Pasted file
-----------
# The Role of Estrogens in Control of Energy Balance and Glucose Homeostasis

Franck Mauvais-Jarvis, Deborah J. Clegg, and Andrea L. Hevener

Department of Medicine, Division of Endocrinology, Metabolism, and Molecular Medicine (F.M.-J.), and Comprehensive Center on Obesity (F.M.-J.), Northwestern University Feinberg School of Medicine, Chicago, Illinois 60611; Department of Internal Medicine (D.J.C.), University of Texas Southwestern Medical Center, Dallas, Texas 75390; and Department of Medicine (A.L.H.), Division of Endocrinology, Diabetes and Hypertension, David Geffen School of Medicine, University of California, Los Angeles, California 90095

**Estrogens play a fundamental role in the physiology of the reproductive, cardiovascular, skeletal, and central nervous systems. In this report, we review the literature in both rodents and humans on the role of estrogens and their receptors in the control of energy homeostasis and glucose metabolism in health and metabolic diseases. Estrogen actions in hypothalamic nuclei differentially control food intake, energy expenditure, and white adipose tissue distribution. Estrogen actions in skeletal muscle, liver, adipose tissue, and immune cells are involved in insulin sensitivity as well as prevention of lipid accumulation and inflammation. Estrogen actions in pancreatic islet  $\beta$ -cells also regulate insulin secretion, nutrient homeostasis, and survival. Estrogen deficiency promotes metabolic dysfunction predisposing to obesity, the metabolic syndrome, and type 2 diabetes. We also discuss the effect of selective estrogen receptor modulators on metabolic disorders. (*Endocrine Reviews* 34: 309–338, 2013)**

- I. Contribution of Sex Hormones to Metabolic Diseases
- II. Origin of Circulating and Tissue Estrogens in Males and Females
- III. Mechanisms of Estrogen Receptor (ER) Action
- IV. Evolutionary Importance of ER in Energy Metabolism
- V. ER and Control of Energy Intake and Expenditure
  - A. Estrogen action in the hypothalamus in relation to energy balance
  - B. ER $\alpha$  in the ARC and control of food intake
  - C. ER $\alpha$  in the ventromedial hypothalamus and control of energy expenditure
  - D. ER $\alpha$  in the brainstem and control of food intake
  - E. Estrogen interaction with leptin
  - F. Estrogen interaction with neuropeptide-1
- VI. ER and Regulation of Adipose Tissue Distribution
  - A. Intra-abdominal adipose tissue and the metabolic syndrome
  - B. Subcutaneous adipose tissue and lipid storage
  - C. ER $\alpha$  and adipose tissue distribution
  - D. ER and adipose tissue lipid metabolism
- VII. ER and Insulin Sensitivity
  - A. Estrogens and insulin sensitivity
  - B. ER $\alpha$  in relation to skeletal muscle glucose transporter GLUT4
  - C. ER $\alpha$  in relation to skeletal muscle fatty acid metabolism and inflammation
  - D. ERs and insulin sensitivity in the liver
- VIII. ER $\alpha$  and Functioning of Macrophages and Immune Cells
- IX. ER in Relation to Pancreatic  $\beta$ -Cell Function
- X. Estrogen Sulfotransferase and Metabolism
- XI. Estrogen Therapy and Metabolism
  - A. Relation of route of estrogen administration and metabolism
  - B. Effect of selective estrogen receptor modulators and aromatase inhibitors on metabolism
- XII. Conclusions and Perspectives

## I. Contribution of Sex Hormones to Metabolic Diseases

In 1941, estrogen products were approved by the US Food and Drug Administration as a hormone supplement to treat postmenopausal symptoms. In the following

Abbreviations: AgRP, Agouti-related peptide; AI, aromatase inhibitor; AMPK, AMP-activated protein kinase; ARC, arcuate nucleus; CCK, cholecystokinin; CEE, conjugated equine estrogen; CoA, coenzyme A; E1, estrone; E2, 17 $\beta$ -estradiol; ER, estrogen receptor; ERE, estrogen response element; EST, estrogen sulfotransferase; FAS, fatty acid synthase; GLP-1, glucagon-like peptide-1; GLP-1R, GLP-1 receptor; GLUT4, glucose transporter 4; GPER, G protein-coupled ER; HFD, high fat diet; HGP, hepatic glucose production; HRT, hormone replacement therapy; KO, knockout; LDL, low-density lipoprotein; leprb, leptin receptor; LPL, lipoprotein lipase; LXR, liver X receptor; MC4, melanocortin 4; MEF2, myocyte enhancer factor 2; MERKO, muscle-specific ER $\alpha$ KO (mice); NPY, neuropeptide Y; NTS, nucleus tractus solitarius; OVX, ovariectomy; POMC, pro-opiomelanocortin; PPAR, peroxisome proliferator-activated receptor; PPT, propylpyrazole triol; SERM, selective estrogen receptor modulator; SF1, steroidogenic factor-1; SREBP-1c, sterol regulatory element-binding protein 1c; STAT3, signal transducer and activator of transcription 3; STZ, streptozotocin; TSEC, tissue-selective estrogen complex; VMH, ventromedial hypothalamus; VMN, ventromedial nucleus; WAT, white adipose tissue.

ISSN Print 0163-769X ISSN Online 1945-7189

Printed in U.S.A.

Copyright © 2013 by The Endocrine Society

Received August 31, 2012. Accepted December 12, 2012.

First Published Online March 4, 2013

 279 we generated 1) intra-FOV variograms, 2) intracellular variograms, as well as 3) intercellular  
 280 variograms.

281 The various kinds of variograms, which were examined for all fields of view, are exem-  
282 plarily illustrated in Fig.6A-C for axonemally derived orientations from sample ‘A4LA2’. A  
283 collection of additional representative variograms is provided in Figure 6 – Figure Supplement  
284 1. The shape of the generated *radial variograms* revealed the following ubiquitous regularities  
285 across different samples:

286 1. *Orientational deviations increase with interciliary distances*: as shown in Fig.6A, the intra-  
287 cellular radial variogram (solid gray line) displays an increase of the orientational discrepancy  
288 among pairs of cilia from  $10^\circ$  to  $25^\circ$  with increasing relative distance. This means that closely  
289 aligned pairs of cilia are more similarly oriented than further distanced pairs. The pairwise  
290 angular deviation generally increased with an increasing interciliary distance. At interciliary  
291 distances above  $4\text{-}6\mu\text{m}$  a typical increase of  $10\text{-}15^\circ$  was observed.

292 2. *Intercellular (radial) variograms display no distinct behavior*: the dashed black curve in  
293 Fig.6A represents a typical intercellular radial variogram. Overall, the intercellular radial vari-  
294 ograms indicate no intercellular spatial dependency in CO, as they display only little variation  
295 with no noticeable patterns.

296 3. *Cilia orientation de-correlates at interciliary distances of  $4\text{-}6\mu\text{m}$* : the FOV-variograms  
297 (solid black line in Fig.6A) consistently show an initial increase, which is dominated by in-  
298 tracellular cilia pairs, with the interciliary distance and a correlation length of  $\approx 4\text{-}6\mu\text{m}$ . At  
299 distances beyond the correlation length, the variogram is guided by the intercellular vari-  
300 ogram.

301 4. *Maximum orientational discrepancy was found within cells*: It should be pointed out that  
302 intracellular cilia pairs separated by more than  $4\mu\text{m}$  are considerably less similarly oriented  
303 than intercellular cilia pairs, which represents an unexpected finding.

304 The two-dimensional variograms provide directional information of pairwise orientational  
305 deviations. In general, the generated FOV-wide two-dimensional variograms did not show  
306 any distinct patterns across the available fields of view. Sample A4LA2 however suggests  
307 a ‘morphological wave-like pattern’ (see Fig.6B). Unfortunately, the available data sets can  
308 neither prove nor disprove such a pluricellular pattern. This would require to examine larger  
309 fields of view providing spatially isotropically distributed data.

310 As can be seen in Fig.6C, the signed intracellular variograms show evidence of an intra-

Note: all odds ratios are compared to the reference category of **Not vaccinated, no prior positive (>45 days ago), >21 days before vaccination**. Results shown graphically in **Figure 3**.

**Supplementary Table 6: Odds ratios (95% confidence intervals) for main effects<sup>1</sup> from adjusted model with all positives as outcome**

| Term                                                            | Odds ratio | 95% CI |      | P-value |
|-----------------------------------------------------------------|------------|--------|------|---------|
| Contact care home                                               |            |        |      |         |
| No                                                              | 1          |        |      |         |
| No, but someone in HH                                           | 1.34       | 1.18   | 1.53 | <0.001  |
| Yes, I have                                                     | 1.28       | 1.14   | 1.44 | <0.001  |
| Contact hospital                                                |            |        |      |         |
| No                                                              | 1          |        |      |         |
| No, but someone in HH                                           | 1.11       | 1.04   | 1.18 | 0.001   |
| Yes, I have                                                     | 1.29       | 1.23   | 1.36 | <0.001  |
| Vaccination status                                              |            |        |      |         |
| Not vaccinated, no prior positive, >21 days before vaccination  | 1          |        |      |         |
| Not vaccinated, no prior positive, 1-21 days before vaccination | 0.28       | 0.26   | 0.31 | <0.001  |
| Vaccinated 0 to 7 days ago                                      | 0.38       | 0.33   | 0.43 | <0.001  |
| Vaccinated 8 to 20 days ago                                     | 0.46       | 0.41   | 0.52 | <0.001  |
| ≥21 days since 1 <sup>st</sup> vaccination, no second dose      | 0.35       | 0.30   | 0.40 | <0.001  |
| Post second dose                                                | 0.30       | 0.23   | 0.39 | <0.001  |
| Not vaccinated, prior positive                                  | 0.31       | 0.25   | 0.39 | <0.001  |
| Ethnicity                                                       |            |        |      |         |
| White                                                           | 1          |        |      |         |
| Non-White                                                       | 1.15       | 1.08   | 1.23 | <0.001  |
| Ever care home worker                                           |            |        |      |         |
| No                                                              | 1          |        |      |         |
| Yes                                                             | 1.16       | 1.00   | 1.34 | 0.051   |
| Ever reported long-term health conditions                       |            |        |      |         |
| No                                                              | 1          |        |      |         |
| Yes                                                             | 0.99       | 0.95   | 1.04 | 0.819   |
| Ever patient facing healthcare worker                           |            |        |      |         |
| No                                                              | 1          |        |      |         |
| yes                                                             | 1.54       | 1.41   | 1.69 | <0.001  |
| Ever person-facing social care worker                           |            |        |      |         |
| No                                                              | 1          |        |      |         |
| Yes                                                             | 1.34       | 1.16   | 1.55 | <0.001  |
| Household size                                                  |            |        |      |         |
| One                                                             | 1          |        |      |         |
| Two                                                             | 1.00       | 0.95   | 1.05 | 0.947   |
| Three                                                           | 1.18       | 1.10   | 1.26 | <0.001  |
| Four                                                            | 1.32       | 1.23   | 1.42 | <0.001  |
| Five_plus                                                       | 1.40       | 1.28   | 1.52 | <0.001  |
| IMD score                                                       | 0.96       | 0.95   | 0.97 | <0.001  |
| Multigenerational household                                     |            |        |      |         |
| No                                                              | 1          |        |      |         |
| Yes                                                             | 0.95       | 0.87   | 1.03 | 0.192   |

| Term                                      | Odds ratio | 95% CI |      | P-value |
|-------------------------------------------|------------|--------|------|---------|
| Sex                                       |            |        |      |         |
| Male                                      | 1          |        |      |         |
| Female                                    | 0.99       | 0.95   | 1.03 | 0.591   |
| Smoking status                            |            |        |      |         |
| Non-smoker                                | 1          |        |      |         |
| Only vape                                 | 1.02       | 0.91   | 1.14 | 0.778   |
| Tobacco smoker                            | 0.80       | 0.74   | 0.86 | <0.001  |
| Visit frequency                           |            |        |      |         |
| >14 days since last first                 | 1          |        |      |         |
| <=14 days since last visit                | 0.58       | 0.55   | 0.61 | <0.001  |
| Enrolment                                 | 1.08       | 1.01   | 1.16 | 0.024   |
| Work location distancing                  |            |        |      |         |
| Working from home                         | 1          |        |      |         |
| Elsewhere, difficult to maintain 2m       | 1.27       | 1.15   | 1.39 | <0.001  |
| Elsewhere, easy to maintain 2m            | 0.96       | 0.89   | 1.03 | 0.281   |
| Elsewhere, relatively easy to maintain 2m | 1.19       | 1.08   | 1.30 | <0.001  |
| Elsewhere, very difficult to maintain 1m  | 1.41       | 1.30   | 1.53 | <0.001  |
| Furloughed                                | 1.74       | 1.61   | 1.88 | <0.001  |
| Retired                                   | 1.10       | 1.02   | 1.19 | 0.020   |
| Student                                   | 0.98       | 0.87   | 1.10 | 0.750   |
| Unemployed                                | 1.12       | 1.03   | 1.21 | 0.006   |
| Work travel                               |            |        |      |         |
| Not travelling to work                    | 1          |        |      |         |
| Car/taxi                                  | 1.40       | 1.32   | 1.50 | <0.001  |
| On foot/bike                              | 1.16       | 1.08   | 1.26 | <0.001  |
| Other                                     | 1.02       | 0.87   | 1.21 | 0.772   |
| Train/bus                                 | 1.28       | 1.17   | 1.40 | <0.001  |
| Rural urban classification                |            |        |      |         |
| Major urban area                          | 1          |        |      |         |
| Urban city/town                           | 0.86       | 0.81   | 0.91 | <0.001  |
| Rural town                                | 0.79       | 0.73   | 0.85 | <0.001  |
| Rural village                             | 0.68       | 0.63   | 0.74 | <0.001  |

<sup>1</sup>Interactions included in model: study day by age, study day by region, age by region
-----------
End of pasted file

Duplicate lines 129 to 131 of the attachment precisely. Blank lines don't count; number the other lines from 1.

| <=14 days since last visit                | 0.58       | 0.55   | 0.61 | <0.001  |
| Enrolment                                 | 1.08       | 1.01   | 1.16 | 0.024   |
| Work location distancing                  |            |        |      |         |